With a final sweep from hip to shoulder, Koda leans forward and lays a kiss on the back of her neck, then blows softly at the short hairs, still not grown out, at her nape. She feels the shiver as it goes through her lover’s body, feels it deepens to pulse within her own flesh. The fire sings through her, spreading from her belly up her spine to quicken her heartbeat, drawing the skin tight over her breasts, tautening her nipples. She slips from where she kneels across Kirsten’s body, sliding down to lie beside her. The desire for words has left her. She raises Kirsten’s hand to her lips, kissing the palm and wrist. The hand settles between her breasts, then, pressing gently. With a questioning look at her love, Koda settles onto her back. Kirsten kisses her once more, then rises to kneel above her, slipping one knee between Koda’s thighs.

Another kiss, then Kirsten’s fingers brush over Dakota’s face, tracing her forehead, her eyes, her mouth. Her lips follow, pressing against her eyelids, returning to close them again when Koda glances upward. She shuts her eyes, then, giving herself up to touch and sound as Kirsten has given herself to sight and touch. Yet she is not in darkness. The sun beats down directly overhead, and its brilliance shows her red-tinged shadows still, a hint of movement as Kirsten bends over her, letting her hair, fine as cornsilk, trail over Koda’s face and throat.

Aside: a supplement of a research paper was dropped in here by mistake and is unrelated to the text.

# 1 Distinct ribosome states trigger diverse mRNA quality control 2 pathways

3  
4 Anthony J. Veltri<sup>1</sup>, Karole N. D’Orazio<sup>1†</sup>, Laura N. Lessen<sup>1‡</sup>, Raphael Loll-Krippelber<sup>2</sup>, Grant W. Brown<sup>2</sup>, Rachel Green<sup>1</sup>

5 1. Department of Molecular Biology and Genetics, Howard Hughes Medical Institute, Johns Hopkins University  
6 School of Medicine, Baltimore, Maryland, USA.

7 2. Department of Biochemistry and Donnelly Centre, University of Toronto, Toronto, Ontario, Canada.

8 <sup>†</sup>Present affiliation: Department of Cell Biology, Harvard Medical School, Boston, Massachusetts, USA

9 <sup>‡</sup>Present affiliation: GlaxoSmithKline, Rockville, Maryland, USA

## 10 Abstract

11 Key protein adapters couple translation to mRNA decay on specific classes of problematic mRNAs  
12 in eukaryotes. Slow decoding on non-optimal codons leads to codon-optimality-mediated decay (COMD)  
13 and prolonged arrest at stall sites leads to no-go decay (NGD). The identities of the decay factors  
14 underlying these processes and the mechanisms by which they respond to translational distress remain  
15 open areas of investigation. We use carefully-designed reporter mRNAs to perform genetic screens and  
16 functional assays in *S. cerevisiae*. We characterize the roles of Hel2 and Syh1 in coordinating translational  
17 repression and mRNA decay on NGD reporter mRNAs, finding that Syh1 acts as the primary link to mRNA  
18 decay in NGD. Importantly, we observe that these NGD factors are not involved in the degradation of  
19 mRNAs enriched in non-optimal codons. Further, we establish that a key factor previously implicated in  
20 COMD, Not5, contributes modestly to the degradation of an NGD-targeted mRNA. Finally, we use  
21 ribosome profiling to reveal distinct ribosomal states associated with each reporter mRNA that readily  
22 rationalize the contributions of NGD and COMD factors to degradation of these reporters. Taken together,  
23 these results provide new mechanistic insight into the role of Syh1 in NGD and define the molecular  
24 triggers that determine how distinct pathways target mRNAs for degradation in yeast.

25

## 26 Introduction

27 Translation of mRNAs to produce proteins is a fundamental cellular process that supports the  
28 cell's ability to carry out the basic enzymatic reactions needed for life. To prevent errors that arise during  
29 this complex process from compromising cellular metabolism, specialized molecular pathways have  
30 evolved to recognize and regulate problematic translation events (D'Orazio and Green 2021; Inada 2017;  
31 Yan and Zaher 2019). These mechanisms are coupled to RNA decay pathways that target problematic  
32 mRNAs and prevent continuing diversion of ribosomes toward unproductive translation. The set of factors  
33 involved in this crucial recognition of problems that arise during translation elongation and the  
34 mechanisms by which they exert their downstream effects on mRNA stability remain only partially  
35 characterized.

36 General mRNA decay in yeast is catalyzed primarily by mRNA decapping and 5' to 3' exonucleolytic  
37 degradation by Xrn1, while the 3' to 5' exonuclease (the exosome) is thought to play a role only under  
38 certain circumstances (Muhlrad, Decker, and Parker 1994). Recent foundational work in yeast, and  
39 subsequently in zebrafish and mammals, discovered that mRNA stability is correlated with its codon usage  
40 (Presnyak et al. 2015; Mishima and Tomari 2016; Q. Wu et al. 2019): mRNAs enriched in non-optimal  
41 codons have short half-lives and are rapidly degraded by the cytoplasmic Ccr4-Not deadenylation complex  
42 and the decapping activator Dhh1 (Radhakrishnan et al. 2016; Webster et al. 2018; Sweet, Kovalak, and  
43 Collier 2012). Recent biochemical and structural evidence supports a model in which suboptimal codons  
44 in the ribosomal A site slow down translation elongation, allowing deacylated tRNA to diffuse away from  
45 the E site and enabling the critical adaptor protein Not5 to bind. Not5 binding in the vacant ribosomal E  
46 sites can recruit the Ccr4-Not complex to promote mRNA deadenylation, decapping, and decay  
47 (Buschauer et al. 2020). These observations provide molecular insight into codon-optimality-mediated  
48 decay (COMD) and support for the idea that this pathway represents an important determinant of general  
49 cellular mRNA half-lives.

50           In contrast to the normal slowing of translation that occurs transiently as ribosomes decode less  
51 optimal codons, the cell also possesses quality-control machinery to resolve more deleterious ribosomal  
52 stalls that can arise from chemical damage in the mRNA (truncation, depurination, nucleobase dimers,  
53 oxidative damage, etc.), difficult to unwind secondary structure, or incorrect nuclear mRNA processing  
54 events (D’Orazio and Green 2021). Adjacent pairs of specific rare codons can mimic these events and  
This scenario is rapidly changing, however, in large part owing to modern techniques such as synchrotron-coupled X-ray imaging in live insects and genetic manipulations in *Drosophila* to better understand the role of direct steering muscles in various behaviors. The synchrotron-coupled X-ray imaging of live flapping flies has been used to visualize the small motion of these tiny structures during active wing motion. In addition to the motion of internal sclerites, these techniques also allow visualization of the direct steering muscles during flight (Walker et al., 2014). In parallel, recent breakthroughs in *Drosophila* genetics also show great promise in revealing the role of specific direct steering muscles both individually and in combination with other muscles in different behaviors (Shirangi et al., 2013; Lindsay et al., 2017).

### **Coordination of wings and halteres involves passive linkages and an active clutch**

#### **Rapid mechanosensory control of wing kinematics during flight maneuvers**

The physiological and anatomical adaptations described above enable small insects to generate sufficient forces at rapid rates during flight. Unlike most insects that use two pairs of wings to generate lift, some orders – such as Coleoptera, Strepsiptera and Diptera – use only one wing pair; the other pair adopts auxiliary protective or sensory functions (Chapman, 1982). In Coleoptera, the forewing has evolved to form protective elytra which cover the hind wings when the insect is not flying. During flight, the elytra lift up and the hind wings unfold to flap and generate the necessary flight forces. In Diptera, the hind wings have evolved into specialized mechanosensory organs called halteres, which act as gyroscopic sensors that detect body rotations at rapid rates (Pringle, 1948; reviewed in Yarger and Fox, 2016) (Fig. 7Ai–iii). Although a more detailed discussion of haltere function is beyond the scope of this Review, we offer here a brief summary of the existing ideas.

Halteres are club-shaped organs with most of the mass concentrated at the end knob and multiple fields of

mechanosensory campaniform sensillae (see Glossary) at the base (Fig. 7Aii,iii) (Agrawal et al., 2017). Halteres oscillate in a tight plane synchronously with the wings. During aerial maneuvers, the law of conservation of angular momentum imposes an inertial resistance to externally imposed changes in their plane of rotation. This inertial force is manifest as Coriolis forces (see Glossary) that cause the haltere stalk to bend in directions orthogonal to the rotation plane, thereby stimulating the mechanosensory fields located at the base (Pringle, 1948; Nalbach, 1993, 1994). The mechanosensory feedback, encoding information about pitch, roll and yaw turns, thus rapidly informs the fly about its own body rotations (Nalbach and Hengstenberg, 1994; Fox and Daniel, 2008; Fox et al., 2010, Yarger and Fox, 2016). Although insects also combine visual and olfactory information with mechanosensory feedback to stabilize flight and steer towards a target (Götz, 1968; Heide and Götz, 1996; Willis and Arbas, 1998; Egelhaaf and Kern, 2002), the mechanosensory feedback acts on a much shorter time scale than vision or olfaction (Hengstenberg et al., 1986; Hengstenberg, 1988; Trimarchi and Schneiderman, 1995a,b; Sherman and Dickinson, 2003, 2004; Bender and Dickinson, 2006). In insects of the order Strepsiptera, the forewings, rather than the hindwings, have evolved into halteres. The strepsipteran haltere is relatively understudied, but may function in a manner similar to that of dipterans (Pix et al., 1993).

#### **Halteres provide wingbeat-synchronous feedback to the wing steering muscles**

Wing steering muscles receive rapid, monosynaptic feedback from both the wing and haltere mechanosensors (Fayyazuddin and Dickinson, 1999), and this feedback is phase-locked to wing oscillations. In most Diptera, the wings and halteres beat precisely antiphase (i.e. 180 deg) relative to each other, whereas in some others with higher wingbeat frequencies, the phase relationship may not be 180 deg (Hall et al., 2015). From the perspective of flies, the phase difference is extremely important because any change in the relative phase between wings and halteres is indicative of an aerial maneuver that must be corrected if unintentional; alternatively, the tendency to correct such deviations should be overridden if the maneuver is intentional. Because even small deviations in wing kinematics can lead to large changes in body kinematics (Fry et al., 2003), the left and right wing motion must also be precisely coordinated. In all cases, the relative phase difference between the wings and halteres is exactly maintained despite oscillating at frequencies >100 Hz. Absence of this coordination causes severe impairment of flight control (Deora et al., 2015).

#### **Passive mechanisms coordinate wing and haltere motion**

I would know you in the silence between the stars. The thought is her own, and not. And with it comes another. I see you in the darkness, like a flash of lightning. And the darkness cannot hide you.

Not now. Not ever.

Koda raises her hands to lay them on Kirsten’s shoulders, letting her fingers trail down over her breasts. Faint among the hum of bees, she can hear her lover’s breathing, coming faster now. The fall of Kirsten’s hair sweeps again over her throat, her own breasts, its touch delicate as a summer breeze. Warm lips follow it, then, suckling gently. At the same time, Kirsten’s knee moves between her legs, parting them, and Koda opens to her. Kirsten draws away, sliding back, and Koda feels the brush of her fingers in the hair above her sex, sliding downward to the entrance to her body. The fingers trail upward, lingering on the delicate nub at the apex, and Koda’s belly tightens, her thighs growing taut. Kirsten parts the lips, then, shifting to lie above Koda, center to center. Her hips circle slowly, building pressure. Flame licks down her legs, up her spine. Point counterpoint to her own, Kirsten’s breath come in short gasps that punctuate the silence. The fire runs along her nerves, through her veins, until it seems she must be consumed, the rhythm of her lover’s movements driving it through her body in waves. Her heart hammers against her breastbone, and there is no air any more, nothing now but the flame that owns her flesh. Sound builds within her, seeking release, but she stifles it in her throat until finally it breaks free and she comes, the pulse of Kirsten’s release matching her own. Spent, her lover sinks down into her arms, her skin slicked with sweat beneath the ripening sun.

Cante mitawa.

Now and forever.